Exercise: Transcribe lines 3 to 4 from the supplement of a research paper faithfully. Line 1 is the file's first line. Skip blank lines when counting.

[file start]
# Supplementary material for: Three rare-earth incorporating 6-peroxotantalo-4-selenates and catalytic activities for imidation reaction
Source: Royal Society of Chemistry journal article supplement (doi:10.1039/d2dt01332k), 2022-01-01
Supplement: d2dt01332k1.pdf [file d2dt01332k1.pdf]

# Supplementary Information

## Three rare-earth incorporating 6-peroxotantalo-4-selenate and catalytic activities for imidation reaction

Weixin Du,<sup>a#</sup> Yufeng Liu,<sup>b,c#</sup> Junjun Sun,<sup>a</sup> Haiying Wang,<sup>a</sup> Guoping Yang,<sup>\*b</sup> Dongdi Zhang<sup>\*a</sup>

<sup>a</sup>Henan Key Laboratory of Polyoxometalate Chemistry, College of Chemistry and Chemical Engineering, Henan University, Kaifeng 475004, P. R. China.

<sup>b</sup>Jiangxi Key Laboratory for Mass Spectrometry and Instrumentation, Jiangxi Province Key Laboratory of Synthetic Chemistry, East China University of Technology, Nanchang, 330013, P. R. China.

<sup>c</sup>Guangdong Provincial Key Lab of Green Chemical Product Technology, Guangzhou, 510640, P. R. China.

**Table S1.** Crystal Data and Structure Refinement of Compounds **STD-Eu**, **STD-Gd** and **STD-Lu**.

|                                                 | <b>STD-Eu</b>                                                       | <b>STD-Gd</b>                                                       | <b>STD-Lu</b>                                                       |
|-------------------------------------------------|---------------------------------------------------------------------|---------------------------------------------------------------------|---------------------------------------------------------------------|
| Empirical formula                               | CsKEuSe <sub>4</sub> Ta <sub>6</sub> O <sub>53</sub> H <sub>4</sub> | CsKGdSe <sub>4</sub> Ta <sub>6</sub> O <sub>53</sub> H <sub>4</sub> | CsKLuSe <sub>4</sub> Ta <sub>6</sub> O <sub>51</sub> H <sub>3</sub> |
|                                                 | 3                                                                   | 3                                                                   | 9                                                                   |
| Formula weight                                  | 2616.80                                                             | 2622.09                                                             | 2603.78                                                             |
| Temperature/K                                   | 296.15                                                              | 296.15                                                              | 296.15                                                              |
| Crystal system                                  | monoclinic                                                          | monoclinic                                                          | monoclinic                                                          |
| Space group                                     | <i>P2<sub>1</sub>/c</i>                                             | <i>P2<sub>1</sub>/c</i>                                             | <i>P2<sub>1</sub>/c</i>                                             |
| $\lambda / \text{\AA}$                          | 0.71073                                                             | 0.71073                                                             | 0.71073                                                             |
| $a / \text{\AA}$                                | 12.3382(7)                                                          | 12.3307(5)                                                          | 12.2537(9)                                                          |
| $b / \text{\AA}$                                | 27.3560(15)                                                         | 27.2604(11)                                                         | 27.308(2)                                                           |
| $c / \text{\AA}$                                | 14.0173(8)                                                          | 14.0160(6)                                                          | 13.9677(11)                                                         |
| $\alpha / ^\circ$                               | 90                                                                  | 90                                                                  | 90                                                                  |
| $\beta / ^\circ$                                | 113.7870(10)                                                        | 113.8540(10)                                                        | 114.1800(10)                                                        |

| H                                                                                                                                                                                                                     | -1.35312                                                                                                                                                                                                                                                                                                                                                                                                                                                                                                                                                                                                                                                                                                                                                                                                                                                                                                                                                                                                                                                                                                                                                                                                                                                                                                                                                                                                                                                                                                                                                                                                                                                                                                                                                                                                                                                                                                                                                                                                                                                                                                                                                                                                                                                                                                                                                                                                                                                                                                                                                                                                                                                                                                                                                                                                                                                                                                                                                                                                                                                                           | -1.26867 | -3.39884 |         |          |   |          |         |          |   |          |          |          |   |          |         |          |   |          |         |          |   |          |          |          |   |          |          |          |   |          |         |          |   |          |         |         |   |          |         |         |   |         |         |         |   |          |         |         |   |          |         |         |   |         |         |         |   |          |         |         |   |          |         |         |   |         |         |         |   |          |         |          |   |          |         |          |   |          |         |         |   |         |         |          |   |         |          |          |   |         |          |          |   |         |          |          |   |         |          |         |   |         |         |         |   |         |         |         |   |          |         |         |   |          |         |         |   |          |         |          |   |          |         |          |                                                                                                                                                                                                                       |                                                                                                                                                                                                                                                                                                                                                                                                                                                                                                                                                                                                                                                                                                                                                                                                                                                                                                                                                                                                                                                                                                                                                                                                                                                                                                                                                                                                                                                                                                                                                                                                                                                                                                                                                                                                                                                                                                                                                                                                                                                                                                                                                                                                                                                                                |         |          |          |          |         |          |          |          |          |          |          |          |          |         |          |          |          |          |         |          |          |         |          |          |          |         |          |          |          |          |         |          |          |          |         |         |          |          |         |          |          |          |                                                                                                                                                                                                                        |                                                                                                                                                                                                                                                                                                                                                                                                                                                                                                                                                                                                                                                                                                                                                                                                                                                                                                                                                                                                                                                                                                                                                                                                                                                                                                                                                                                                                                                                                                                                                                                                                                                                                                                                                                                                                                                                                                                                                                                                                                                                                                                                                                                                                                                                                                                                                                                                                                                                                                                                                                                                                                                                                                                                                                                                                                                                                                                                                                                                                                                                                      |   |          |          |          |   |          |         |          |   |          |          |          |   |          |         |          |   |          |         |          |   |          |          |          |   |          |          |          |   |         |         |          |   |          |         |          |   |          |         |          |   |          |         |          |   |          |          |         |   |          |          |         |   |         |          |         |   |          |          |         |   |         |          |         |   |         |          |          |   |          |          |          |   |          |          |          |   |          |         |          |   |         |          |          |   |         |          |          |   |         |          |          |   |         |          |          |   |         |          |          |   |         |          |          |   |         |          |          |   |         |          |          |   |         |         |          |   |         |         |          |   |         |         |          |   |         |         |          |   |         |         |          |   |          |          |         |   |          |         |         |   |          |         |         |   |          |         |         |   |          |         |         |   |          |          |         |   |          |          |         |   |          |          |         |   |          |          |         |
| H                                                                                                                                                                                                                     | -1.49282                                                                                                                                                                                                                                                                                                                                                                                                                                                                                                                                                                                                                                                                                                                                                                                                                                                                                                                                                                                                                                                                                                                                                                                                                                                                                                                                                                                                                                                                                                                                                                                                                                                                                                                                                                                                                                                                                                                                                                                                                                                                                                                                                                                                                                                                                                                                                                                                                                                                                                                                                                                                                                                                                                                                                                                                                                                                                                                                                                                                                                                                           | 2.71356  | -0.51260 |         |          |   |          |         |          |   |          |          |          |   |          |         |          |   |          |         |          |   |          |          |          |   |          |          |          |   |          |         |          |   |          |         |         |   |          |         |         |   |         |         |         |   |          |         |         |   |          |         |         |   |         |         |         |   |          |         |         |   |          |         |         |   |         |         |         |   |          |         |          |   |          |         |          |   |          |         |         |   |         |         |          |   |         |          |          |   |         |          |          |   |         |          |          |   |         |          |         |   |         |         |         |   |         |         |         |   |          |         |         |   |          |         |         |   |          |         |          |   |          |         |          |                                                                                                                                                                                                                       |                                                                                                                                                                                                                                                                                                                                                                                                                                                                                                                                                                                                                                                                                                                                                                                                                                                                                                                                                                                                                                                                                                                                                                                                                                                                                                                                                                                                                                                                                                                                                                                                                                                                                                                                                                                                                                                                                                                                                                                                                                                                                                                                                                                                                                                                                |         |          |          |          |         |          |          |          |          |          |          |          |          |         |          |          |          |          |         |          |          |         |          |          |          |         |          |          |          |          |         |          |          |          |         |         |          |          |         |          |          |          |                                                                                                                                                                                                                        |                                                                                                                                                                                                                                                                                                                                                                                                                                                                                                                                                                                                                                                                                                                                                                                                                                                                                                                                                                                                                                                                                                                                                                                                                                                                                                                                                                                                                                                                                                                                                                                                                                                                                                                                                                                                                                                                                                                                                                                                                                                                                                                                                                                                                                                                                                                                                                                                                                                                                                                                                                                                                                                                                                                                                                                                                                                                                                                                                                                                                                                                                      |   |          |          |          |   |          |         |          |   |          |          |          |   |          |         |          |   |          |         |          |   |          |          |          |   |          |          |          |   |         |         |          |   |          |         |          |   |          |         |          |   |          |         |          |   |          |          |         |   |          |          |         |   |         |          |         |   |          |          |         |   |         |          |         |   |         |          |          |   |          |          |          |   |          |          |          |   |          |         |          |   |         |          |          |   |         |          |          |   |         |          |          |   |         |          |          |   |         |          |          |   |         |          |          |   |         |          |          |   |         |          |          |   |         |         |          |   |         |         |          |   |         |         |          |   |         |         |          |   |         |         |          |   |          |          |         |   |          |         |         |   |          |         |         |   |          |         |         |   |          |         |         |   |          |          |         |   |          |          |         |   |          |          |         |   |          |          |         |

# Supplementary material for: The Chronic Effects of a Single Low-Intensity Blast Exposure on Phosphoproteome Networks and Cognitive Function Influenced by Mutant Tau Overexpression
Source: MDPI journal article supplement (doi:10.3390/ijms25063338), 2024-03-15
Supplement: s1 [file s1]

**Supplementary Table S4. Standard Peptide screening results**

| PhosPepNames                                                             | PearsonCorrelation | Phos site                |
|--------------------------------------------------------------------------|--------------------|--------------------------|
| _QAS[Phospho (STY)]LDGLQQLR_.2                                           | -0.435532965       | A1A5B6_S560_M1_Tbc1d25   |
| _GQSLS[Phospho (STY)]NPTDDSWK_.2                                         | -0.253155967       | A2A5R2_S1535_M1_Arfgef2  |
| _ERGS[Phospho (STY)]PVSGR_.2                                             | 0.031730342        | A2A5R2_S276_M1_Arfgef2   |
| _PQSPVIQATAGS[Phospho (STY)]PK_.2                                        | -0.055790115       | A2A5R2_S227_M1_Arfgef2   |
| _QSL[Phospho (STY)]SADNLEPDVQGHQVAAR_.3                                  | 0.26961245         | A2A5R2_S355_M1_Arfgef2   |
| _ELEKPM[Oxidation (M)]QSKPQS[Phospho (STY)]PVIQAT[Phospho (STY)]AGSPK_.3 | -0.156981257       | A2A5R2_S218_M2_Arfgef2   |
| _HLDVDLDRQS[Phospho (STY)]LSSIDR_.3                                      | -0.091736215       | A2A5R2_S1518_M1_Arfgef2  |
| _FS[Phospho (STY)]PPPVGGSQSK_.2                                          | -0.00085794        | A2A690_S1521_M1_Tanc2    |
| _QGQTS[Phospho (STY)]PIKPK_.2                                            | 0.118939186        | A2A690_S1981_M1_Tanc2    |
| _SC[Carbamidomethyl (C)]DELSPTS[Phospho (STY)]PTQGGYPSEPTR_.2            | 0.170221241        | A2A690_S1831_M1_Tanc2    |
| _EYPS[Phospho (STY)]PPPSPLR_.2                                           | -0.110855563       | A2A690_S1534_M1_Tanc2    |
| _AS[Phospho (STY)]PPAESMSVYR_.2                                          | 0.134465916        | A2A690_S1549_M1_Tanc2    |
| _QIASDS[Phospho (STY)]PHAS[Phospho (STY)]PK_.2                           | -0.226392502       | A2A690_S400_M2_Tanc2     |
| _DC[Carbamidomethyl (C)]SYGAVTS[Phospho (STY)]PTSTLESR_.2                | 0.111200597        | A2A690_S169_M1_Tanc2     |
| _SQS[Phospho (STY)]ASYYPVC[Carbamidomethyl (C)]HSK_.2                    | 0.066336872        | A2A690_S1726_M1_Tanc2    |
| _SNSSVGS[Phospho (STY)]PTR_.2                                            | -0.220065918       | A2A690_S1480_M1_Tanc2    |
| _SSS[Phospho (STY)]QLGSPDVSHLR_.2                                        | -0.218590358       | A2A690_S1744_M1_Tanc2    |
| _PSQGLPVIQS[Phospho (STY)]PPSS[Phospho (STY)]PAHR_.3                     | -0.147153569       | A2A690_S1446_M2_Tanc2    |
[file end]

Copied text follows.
Supplement: d2dt01332k1.pdf [file d2dt01332k1.pdf]

# Supplementary Information